San Diego to dismiss 22 in-custody, officer-involved death cases taking too long to investigate

A citizens review panel says it will dismiss 22 cases of officer-involved deaths that have taken too long to investigate. Photo by Tomás Del Coro/Flickr

Nov. 15 (UPI) — A citizens review board in San Diego said Tuesday it plans to dismiss 22 investigations of civilian deaths involving law enforcement because they are taking too long to investigate.

The deaths occurred while the subjects were either in San Diego County jails or involved in interactions with San Diego police. But the panel said California’s Public Safety Officers Procedural Bill of Rights Act requires that any investigation into police misconduct must be completed within one year or dismissed.

Each of the 22 cases have passed the one-year limit, with some going back to 2011.

San Diego County spokeswoman Alex Bell said each of the 22 cases of police-involved deaths have already undergone a criminal investigation by police. But a citizens review panel adds an additional layer of scrutiny untied to police that can result in punitive measures and policy recommendations.

Sherrie Hubble’s suicidal son, Simon, was shot dead by San Diego deputies in 2015 after they saw him carrying a screwdriver. Hubble told the San Diego Union-Tribune that it was a “bad idea” to end the investigation into her son’s death prematurely.

“Everybody should have the honor of having their case investigated by a citizens review board,” she said. “There are things they might look at that the detectives didn’t want to bother looking at.”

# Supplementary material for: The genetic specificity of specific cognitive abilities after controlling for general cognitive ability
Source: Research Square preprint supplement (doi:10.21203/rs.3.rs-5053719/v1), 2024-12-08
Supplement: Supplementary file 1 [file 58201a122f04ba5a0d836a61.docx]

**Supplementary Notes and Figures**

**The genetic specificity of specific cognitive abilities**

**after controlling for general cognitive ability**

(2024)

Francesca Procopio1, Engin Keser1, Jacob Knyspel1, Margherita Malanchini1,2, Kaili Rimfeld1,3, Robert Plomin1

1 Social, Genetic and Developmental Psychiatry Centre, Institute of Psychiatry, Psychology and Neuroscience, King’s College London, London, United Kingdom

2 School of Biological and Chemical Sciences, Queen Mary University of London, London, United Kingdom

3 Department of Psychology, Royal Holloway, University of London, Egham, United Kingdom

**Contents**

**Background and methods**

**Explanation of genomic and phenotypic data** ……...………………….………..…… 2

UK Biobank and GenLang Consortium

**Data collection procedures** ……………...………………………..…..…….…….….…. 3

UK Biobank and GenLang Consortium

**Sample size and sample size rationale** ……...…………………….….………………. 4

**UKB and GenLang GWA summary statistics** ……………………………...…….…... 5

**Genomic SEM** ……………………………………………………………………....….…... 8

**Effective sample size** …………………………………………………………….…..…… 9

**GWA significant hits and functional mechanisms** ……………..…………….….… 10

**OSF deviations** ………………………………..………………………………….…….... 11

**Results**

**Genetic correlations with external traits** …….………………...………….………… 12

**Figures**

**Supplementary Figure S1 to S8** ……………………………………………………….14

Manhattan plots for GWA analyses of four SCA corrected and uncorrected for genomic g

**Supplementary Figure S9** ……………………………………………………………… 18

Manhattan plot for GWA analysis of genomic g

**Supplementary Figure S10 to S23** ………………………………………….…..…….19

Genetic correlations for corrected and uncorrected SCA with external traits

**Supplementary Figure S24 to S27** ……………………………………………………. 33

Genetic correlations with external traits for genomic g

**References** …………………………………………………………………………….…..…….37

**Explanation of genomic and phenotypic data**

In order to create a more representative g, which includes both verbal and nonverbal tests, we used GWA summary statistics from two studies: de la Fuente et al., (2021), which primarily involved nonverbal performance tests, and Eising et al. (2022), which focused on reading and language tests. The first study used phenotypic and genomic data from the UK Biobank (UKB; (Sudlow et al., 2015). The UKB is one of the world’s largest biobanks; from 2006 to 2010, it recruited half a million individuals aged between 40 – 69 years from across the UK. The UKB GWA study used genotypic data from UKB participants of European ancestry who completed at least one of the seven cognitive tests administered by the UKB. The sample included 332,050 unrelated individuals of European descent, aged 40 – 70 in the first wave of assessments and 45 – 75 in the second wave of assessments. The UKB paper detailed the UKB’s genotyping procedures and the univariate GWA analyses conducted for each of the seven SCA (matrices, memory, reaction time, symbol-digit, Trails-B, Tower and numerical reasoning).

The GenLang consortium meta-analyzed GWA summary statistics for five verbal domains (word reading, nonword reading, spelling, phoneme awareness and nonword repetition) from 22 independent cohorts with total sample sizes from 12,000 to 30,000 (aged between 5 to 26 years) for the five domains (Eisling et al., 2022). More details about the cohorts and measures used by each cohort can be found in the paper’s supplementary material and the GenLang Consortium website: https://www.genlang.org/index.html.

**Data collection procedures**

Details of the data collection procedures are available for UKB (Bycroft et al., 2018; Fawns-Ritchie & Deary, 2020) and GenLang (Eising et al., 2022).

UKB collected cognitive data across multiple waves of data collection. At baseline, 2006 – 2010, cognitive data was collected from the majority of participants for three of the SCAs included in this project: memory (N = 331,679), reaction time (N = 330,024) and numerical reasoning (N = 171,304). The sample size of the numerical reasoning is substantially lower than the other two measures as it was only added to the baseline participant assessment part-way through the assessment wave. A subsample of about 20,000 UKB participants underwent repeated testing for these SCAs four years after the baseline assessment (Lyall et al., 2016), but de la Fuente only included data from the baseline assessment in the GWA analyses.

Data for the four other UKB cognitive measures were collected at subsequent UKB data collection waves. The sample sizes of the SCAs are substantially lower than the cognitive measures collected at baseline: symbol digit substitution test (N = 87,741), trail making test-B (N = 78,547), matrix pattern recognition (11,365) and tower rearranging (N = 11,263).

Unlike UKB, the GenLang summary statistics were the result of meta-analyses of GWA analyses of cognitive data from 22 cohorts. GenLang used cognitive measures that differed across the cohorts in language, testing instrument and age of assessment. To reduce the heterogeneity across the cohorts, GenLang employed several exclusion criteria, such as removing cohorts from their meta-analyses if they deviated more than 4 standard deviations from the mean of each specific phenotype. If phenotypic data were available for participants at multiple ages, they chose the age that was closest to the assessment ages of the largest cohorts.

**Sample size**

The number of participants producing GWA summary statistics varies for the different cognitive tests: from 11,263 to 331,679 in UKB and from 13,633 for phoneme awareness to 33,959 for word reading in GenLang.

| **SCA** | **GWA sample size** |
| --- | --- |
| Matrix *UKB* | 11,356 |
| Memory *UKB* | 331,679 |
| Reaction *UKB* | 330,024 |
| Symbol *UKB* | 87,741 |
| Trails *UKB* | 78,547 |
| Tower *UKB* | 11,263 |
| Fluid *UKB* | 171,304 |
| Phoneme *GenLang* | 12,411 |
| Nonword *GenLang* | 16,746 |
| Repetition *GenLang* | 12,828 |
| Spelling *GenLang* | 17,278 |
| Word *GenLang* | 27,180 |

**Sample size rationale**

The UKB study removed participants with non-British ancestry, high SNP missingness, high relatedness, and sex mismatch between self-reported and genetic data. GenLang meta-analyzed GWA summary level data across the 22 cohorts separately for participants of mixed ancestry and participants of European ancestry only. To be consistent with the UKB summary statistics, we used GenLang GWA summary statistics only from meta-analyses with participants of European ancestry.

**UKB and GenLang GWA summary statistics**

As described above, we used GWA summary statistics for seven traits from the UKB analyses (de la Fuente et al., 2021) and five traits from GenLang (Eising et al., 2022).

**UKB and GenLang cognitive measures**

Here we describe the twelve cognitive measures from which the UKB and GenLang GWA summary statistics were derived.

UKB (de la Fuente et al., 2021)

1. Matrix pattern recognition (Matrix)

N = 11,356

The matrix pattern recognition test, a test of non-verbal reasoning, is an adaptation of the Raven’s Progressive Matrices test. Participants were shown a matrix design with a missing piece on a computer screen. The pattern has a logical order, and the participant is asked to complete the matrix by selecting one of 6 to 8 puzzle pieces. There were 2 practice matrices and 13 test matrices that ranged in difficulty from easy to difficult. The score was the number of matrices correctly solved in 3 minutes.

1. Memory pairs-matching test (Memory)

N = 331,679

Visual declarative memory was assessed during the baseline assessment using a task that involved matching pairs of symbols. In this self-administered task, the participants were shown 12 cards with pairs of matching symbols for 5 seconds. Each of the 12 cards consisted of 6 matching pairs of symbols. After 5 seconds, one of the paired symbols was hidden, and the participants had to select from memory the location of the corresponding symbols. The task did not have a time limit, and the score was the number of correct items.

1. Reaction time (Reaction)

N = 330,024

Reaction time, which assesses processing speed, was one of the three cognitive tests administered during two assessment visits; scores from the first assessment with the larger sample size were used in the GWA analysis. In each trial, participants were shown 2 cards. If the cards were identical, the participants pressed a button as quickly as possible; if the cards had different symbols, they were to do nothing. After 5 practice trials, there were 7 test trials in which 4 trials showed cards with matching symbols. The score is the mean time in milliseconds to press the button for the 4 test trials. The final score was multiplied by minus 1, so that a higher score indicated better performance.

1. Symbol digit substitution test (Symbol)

In one of the cases proposed to be dismissed, 36-year-old Hugo Barragan resisted arrest for a traffic violation in 2013. He drove to his grandparents house and ran inside, but deputies chased him in the house and “eventually subdued [Barragan] from a combination of Taser deployment, K-9 deployment, knee strikes, and attempted application of carotid restraint.”

By the time paramedics arrived, Barragan was dead. His cause of death was listed as “sudden cardiac arrest with acute methamphetamine and quetiapine intoxication during law enforcement restraint.”

Barragan’s grandmother, Rita Cameron, witnessed her grandson’s death.

“They killed him right in front of my recliner,” she said, adding: “Ten punches to the head. The police dog chewed his ear off, bit him in the leg. It was so brutal. I thought I was going to have a heart attack.”

In 2013, 16-year-old Rosemary Summers was sent to a juvenile detention center for girls after she violated probation by attending a rally for Trayvon Martin, the Florida teenager killed in what became a highly controversial case. While in custody, detention center workers gave her mood-altering drugs for her behavior and later found her hanging by a bed sheet in her cell. Workers then rushed Summers to a hospital where she was put on life support, but died four days later.

According to a civil lawsuit later filed by her parents, juvenile detention center guards were aware that Summers had been contemplating suicide after they found a note she had written that said she wanted to hurt herself and “go to sleep and not wake up.”

The San Diego County Board of Supervisors settled with the family for $1 million.


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